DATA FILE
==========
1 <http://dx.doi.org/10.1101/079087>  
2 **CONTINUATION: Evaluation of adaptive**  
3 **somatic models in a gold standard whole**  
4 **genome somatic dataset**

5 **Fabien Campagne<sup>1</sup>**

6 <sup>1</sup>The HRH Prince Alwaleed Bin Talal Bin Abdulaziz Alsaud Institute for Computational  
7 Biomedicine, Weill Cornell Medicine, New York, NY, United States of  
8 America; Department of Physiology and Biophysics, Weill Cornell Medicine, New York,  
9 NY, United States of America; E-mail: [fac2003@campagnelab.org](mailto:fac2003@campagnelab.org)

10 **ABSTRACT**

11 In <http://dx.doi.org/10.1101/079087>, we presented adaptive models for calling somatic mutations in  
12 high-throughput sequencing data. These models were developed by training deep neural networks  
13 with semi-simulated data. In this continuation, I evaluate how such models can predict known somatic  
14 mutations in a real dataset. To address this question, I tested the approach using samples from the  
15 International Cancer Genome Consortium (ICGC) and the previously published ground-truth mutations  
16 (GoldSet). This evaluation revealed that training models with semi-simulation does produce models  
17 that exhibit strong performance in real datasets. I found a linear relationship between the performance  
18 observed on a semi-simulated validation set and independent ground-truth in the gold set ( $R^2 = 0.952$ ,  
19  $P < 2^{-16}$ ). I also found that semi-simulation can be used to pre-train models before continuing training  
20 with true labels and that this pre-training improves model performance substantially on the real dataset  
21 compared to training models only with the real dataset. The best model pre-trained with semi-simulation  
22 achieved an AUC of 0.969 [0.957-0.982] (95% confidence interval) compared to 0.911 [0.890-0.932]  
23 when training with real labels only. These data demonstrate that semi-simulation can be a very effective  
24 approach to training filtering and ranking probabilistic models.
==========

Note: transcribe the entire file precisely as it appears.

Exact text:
1 <http://dx.doi.org/10.1101/079087>  
2 **CONTINUATION: Evaluation of adaptive**  
3 **somatic models in a gold standard whole**  
4 **genome somatic dataset**

5 **Fabien Campagne<sup>1</sup>**

6 <sup>1</sup>The HRH Prince Alwaleed Bin Talal Bin Abdulaziz Alsaud Institute for Computational  
7 Biomedicine, Weill Cornell Medicine, New York, NY, United States of  
8 America; Department of Physiology and Biophysics, Weill Cornell Medicine, New York,  
9 NY, United States of America; E-mail: [fac2003@campagnelab.org](mailto:fac2003@campagnelab.org)

10 **ABSTRACT**

11 In <http://dx.doi.org/10.1101/079087>, we presented adaptive models for calling somatic mutations in  
12 high-throughput sequencing data. These models were developed by training deep neural networks  
13 with semi-simulated data. In this continuation, I evaluate how such models can predict known somatic  
14 mutations in a real dataset. To address this question, I tested the approach using samples from the  
15 International Cancer Genome Consortium (ICGC) and the previously published ground-truth mutations  
16 (GoldSet). This evaluation revealed that training models with semi-simulation does produce models  
17 that exhibit strong performance in real datasets. I found a linear relationship between the performance  
18 observed on a semi-simulated validation set and independent ground-truth in the gold set ( $R^2 = 0.952$ ,  
19  $P < 2^{-16}$ ). I also found that semi-simulation can be used to pre-train models before continuing training  
20 with true labels and that this pre-training improves model performance substantially on the real dataset  
21 compared to training models only with the real dataset. The best model pre-trained with semi-simulation  
22 achieved an AUC of 0.969 [0.957-0.982] (95% confidence interval) compared to 0.911 [0.890-0.932]  
23 when training with real labels only. These data demonstrate that semi-simulation can be a very effective  
24 approach to training filtering and ranking probabilistic models.